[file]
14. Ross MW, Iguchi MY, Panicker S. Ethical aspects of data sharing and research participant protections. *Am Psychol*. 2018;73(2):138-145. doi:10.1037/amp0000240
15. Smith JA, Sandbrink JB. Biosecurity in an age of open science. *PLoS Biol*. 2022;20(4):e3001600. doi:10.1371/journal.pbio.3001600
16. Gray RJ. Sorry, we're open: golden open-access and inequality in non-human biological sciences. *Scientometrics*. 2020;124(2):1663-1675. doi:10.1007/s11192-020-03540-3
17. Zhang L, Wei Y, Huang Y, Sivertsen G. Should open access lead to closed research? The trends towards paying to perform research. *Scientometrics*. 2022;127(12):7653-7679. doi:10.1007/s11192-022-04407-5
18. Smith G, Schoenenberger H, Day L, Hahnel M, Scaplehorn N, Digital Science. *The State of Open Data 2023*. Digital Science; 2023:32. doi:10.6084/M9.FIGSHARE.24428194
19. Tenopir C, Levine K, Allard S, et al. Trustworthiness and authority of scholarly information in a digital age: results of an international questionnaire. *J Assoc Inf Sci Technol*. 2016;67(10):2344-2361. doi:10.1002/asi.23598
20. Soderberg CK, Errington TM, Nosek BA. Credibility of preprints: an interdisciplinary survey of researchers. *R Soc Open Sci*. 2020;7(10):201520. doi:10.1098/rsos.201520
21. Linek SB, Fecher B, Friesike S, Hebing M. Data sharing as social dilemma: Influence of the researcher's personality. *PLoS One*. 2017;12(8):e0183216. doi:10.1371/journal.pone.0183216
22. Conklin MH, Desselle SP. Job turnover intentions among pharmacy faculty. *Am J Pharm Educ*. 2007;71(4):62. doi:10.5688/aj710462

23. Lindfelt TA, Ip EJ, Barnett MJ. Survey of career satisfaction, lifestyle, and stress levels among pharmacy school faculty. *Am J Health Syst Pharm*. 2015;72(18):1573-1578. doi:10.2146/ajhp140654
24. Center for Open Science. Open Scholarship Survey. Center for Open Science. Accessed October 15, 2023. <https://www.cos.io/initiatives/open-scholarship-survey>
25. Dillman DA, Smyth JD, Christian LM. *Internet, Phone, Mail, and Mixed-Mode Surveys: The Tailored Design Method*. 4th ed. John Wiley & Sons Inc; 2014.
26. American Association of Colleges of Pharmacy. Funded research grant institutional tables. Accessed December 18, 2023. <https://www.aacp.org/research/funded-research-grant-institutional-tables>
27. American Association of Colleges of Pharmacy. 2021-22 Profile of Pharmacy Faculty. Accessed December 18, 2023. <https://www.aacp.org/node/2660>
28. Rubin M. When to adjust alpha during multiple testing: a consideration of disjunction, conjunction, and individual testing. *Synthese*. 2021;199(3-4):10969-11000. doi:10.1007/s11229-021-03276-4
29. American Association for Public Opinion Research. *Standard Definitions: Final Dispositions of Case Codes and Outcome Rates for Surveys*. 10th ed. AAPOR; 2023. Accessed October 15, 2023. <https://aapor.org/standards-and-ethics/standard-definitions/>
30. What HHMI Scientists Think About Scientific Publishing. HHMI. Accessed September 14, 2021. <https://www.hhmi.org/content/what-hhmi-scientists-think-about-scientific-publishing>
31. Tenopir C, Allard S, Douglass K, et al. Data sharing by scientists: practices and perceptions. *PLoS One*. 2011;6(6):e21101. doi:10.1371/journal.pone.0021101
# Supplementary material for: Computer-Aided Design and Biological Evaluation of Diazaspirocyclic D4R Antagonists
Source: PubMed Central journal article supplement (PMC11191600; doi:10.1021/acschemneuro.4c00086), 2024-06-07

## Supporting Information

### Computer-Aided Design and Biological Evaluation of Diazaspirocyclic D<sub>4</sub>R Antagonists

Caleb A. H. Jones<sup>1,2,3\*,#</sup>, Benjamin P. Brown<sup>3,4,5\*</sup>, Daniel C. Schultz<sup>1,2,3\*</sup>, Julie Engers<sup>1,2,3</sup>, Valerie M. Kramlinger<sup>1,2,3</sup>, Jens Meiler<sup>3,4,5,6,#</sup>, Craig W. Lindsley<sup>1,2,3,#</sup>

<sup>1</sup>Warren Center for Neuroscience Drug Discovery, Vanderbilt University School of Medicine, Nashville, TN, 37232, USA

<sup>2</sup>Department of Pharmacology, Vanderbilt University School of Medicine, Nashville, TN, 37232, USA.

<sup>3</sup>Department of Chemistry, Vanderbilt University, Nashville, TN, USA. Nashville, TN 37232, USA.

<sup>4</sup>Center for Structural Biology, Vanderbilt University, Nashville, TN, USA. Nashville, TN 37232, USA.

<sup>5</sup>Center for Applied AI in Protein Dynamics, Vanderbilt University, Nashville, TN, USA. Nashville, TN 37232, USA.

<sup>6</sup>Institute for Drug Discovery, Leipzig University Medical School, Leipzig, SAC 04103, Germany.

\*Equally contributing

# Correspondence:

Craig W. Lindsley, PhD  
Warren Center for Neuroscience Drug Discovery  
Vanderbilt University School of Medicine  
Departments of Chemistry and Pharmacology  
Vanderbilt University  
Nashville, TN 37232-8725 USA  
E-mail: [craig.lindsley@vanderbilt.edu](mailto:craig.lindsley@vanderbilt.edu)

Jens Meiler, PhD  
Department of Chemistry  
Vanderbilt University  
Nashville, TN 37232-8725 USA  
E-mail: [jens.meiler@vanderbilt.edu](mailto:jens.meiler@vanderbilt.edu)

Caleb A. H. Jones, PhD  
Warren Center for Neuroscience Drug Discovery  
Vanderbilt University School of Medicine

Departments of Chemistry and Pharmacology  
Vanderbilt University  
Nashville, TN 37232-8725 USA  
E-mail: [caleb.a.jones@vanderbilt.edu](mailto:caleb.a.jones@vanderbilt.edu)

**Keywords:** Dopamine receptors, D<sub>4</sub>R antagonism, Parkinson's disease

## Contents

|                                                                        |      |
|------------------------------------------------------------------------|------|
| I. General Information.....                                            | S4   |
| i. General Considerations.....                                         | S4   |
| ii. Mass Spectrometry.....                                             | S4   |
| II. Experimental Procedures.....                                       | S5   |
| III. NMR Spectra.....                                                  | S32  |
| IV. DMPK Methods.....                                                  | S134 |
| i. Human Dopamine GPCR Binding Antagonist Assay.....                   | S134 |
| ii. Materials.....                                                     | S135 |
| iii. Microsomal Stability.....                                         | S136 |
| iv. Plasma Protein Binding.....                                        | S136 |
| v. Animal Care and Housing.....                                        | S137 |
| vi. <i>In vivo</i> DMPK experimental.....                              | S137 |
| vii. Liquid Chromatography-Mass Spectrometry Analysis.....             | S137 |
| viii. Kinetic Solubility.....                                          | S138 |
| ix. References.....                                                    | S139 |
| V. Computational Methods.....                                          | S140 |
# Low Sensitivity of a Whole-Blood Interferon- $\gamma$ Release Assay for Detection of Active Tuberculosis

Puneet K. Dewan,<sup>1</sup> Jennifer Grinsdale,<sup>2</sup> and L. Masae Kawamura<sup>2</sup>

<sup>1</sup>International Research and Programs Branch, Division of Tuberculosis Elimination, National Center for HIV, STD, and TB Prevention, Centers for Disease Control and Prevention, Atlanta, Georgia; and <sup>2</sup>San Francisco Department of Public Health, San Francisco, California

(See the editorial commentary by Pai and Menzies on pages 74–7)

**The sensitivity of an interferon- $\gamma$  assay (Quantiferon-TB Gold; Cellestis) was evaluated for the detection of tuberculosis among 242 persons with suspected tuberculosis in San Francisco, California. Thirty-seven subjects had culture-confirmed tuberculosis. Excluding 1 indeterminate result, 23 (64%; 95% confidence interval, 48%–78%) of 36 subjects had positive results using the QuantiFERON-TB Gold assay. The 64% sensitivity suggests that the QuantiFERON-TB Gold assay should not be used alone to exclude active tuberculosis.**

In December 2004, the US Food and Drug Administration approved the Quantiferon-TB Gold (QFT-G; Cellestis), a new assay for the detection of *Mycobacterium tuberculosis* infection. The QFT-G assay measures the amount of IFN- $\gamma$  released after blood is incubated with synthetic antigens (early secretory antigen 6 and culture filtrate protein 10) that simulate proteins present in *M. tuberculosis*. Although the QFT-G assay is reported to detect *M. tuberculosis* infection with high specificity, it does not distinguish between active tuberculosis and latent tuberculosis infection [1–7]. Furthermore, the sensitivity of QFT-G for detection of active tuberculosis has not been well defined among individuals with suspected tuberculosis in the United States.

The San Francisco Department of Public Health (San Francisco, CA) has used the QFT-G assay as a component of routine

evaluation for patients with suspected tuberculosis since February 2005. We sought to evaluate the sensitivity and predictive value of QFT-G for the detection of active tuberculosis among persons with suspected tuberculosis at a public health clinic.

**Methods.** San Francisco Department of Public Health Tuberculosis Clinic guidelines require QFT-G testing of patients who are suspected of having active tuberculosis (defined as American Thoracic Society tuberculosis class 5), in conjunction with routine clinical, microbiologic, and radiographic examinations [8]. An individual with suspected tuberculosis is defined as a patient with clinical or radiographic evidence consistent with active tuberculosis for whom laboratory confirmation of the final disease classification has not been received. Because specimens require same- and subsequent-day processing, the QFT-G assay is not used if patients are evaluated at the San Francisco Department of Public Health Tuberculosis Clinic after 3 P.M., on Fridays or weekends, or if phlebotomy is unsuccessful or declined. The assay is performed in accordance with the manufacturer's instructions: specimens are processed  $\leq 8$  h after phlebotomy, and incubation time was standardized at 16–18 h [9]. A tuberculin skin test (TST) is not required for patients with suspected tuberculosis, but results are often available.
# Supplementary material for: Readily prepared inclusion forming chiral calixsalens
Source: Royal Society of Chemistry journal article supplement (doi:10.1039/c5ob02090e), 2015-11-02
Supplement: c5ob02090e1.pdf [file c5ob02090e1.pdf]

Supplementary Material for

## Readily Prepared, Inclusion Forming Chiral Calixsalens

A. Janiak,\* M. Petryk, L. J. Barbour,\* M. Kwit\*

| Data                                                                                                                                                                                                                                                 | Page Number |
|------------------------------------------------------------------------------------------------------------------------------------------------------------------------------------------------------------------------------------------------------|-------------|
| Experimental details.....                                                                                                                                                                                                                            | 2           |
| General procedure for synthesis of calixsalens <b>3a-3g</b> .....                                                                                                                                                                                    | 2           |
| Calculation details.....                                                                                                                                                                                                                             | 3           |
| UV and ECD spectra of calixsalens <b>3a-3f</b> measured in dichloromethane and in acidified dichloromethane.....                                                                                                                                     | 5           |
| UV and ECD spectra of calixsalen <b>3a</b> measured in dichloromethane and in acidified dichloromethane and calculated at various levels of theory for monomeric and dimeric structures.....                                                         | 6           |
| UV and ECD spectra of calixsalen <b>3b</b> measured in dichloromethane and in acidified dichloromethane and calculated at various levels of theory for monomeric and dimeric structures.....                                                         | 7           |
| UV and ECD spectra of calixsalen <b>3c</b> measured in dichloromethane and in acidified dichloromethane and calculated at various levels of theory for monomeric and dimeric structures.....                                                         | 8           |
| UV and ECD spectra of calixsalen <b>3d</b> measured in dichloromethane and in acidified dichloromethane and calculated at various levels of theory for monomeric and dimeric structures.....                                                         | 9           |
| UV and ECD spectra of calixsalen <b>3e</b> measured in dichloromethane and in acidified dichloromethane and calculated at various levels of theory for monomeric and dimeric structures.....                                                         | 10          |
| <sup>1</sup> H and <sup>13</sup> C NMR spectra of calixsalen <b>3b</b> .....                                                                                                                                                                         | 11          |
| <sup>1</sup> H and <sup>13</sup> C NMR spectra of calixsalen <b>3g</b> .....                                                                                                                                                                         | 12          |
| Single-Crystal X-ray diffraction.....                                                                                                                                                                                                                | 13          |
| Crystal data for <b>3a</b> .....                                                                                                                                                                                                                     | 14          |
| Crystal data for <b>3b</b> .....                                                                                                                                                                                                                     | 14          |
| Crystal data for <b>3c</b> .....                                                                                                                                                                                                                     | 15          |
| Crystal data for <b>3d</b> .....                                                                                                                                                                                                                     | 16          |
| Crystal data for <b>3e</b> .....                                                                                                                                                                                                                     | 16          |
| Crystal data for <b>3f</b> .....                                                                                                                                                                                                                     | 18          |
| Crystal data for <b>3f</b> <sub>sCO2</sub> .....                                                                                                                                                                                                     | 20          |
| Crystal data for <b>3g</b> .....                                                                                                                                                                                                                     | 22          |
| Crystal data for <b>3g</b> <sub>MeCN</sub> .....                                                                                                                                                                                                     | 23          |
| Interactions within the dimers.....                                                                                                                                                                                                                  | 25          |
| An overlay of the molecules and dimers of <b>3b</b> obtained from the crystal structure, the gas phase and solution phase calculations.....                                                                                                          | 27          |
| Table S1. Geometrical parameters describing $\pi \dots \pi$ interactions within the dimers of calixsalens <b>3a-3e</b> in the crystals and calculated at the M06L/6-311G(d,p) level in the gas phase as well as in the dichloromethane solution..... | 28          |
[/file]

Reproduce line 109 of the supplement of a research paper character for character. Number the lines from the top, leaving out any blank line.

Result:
| Interactions within the dimers.....                                                                                                                                                                                                                  | 25          |